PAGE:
• R Vogel

    Interesting that all the myths that need fact-checking are the ones that cast the church in a negative light rather than the endless list of lies that the churches preach from the pulpit every Sunday. And just an FYI: If you want someone to take a link that is supposed to provide a counter example seriously, you may not want to link to an article by your boss that provides no additional evidence other than linking to a book written by yet another person of the same faith while at the same time declaring that another survey that contradicts your premise was created in bias.

  • tatoo

    Really? Clergy and politicians lie? Say it ain’t so.

  • His Shadow

    I’m going to resist temptation. I’ll leave my cell phone at home

    Wrong conclusion.

  • Tom from North Carolina

    Church members get divorced at the same rate as nonmembers
    I’d like some statistics to back your claim that church members get divorced less frequently than nonbelievers, assuming that’s what you meant.

    The Barns Research Group’s study in 1999 found atheist marriages end in divorce less often than Christian marriages. A 2014 study undertaken by demographers Jennifer Glass at the University of Texas and Philip Levchak at the University of Iowa concluded that the highest divorce rates were found among counties with the highest percentage of evangelical Christians. It made no attempt to infer a cause and effect. This was simply a county by county demographic study.

    I would also question your dismissal of the declining impact religion has in America. Although it is still a dominant force in this country, it is no longer public suicide to admit to no belief.

    • Lon Dean

      Click on the link above. It did just that.

      • Tom from North Carolina

        What link?

  • graciebaddog

    I love the topic… I call it Lying for Jesus. As an out Atheist i get sermons sent to me by my well meaning friends. My favorite was a quote from Dr Phil by Andy Stanley at NPCC in Atlanta. The crux was only 1 in 10,000 couples that pray out loud together ever get a divorce. I didn’t even have to Google that for accuracy. First, the source, Dr. Phil. check out his issues with the FTC and truth. Second, how big would the sample size need to be to get a stat like that? Who would manage and pay for a study of that magnitude? And never a citation… I’d be hopping up yelling “citation please” most every sermon. How anyone can sit in a pew and just nod in agreement when they hear crap like that is beyond me. I imagine lockers outside the sanctuary where the faithful store their brains before the service and pick them back up as they leave.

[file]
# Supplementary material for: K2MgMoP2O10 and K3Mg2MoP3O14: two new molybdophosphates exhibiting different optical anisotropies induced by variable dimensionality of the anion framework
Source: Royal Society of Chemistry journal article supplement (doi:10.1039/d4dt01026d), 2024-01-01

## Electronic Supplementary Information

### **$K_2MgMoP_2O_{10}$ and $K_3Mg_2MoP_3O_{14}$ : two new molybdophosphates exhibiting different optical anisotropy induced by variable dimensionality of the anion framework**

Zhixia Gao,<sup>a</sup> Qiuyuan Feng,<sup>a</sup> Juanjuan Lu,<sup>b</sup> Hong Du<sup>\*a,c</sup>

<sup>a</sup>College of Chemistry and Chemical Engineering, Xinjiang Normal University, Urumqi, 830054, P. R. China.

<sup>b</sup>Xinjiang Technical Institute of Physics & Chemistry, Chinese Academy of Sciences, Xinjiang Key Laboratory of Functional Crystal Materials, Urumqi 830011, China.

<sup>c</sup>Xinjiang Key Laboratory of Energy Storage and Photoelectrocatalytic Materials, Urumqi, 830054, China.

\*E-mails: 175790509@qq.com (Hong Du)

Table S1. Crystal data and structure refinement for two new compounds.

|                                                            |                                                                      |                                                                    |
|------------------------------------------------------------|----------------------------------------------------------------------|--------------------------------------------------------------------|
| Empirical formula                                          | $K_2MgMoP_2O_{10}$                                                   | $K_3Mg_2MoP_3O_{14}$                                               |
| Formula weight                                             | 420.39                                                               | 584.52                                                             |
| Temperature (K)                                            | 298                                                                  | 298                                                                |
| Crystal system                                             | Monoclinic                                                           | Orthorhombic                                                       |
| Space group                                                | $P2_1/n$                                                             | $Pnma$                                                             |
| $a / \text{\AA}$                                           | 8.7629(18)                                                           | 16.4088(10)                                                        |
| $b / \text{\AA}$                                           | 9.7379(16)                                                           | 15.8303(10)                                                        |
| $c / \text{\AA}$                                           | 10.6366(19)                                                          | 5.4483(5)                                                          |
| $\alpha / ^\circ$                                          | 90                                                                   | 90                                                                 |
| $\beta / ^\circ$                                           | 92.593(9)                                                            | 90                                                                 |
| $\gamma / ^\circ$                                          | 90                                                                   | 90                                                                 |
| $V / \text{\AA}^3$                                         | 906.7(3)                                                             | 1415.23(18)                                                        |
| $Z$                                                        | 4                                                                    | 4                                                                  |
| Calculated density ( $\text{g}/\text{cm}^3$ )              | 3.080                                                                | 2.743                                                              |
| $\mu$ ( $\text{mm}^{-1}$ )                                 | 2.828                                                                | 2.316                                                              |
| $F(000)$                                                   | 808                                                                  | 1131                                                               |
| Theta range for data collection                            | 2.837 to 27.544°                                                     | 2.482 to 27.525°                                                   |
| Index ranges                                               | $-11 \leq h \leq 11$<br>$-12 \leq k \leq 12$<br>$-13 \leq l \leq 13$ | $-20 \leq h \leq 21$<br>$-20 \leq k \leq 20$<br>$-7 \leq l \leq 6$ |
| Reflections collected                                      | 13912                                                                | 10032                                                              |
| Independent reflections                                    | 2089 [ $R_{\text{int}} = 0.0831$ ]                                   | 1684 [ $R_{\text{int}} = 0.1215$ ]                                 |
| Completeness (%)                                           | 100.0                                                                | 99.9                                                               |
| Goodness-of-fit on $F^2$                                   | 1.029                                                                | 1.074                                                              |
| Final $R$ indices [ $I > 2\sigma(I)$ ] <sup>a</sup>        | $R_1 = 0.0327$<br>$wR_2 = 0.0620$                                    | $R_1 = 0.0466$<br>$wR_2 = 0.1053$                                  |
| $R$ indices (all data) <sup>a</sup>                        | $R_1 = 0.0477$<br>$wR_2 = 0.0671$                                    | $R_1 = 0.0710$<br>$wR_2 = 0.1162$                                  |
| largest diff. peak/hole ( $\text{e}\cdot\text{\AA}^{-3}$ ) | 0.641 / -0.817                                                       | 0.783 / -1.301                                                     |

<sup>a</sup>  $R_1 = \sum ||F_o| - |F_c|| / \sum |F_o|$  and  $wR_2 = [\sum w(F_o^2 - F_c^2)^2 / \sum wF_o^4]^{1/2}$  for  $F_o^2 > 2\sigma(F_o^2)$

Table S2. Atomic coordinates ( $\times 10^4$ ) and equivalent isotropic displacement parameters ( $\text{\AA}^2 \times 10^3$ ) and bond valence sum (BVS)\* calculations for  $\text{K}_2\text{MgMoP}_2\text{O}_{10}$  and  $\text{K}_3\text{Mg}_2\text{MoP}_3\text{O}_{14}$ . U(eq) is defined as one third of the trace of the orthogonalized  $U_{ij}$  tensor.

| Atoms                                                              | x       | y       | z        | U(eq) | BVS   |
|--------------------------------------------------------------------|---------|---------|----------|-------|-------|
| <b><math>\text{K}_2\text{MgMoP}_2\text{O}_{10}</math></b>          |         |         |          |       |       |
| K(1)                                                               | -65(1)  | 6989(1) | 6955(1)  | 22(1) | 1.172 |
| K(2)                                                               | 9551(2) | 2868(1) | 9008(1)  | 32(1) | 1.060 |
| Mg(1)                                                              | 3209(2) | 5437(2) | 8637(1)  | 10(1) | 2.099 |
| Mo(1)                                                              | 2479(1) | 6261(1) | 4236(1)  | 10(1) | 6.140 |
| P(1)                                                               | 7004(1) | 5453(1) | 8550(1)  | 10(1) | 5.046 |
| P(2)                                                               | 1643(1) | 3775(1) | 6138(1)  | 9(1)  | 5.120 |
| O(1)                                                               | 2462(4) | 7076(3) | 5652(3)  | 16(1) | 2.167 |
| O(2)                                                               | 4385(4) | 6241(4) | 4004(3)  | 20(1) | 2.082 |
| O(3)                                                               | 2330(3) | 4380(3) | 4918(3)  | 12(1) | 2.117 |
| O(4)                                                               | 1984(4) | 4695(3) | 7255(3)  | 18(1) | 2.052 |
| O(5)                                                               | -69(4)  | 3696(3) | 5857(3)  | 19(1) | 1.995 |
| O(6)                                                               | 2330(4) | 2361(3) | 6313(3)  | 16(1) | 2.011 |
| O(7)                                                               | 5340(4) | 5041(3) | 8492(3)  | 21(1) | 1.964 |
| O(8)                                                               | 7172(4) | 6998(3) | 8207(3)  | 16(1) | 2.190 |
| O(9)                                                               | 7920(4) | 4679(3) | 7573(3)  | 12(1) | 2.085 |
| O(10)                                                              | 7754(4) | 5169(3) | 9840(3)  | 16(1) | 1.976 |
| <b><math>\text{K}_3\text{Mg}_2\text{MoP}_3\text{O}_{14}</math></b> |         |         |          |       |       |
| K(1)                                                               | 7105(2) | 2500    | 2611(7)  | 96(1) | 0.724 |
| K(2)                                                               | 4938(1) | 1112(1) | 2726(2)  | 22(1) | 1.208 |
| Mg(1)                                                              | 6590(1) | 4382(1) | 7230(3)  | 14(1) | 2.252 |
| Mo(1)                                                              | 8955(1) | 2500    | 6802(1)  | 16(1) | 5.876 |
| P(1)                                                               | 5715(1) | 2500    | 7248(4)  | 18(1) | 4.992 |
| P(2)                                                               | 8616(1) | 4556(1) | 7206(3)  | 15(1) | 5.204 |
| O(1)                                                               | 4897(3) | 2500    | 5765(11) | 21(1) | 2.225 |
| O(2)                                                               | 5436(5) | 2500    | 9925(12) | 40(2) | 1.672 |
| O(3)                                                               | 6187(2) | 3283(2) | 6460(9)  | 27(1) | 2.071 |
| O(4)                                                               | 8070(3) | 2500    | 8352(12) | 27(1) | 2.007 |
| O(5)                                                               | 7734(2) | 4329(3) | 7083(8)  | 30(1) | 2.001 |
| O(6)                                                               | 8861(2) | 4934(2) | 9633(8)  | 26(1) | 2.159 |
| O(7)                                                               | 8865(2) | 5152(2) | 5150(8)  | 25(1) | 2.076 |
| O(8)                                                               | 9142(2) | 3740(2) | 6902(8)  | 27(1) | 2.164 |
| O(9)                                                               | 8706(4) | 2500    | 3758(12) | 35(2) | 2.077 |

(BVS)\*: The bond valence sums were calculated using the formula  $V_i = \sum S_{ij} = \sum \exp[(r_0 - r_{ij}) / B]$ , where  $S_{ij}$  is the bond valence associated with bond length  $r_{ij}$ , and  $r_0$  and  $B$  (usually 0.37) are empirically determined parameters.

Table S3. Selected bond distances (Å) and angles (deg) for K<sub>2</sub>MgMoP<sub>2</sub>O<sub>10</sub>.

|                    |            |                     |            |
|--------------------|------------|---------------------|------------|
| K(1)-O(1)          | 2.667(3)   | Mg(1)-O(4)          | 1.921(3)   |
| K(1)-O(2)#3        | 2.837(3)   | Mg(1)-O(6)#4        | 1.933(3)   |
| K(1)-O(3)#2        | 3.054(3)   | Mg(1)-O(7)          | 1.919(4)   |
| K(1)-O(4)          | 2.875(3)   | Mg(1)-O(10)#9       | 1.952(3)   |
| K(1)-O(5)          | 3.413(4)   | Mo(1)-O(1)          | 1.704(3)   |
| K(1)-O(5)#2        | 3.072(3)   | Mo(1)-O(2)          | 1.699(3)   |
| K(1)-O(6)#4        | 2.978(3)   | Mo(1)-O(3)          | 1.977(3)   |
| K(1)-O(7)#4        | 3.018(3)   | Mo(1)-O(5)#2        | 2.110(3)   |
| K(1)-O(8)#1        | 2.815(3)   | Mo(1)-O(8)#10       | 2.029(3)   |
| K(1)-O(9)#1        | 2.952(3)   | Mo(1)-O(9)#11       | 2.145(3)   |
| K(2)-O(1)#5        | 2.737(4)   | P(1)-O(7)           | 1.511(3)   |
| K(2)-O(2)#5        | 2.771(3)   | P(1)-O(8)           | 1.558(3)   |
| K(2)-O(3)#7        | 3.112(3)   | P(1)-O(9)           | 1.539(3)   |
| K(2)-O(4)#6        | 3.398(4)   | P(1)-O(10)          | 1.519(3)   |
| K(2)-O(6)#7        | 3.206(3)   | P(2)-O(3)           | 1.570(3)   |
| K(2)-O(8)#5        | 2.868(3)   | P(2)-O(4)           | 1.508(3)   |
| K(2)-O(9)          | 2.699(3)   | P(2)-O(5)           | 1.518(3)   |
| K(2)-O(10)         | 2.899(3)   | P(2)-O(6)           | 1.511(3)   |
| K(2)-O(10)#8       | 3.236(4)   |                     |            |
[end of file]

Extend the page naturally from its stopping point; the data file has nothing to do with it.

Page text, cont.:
• Tom from North Carolina

    To Bob Smietana, thanks for the updated information and for the references. I noticed that any URLs embedded in a comment will be held up, awaiting review forever. That’s why I couldn’t reply directly.

    After reading your references and some others that I found, I’ve concluded that higher divorce rates are probably unrelated to religious faith. As you indicated high divorce levels more likely correlate to high rates of poverty.

    I would also question your statement about the church dying. Although I wouldn’t use the word dying, I have concluded that religion in America is in decline. Ten years ago, in my area of the country, admitting to being an atheist was the social kiss of death. Now it’s still rare to find kindred spirits, but it is becoming more and more common. Although “nones” are the fastest growing segment of religious affiliation (or lack of affiliation), the church still has considerable, yet declining influence.

  • Lon Dean

    I’m a little confused. The article you pointed to in Relavent Magazine (Why Pastors Quit), quoted all the negative stats you said aren’t true. DO you have material to counter their claim that 50% of pastors want to quit?

  • Scott Bird

    Going point, wrong way of making it. Yes many people throw in spurious illustrations but many don’t. You effectively threw a category of people under the bus of your critique. And I can tell you it does no disservice to the pew or the pulpit to insinuate that preachers are peddling falsehood.

    Again good point but you missed an opportunity to be instructive; What so you do when your pastor quotes an erroneous fact? Do you help your pastor fact check? Instead you left your readers with a perfect incentive to sit back and arm chair quarterback their pastor and his sermon.

    The irony of this critique coming from a journalist is also just to apparent to pass up.

  • WarrenKelly

    I tell my congregation to fact-check me all the time. I TRY to fact check every time I mention a statistic or study that seems to good to be true. I’m not always good at that – I don’t use those kinds of statistics very often.

    Of course, “But if you realize that most marriages make it — as Feldhahn points out, 72 percent of married people are still married to their first spouse —” DOESN’T say what we think it does. It says nothing about divorce rates – if anything, it could be saying that most people who divorce never remarry. It doesn’t say that 72% of marriages are OK; it just says that 72% of currently married people have not been divorced.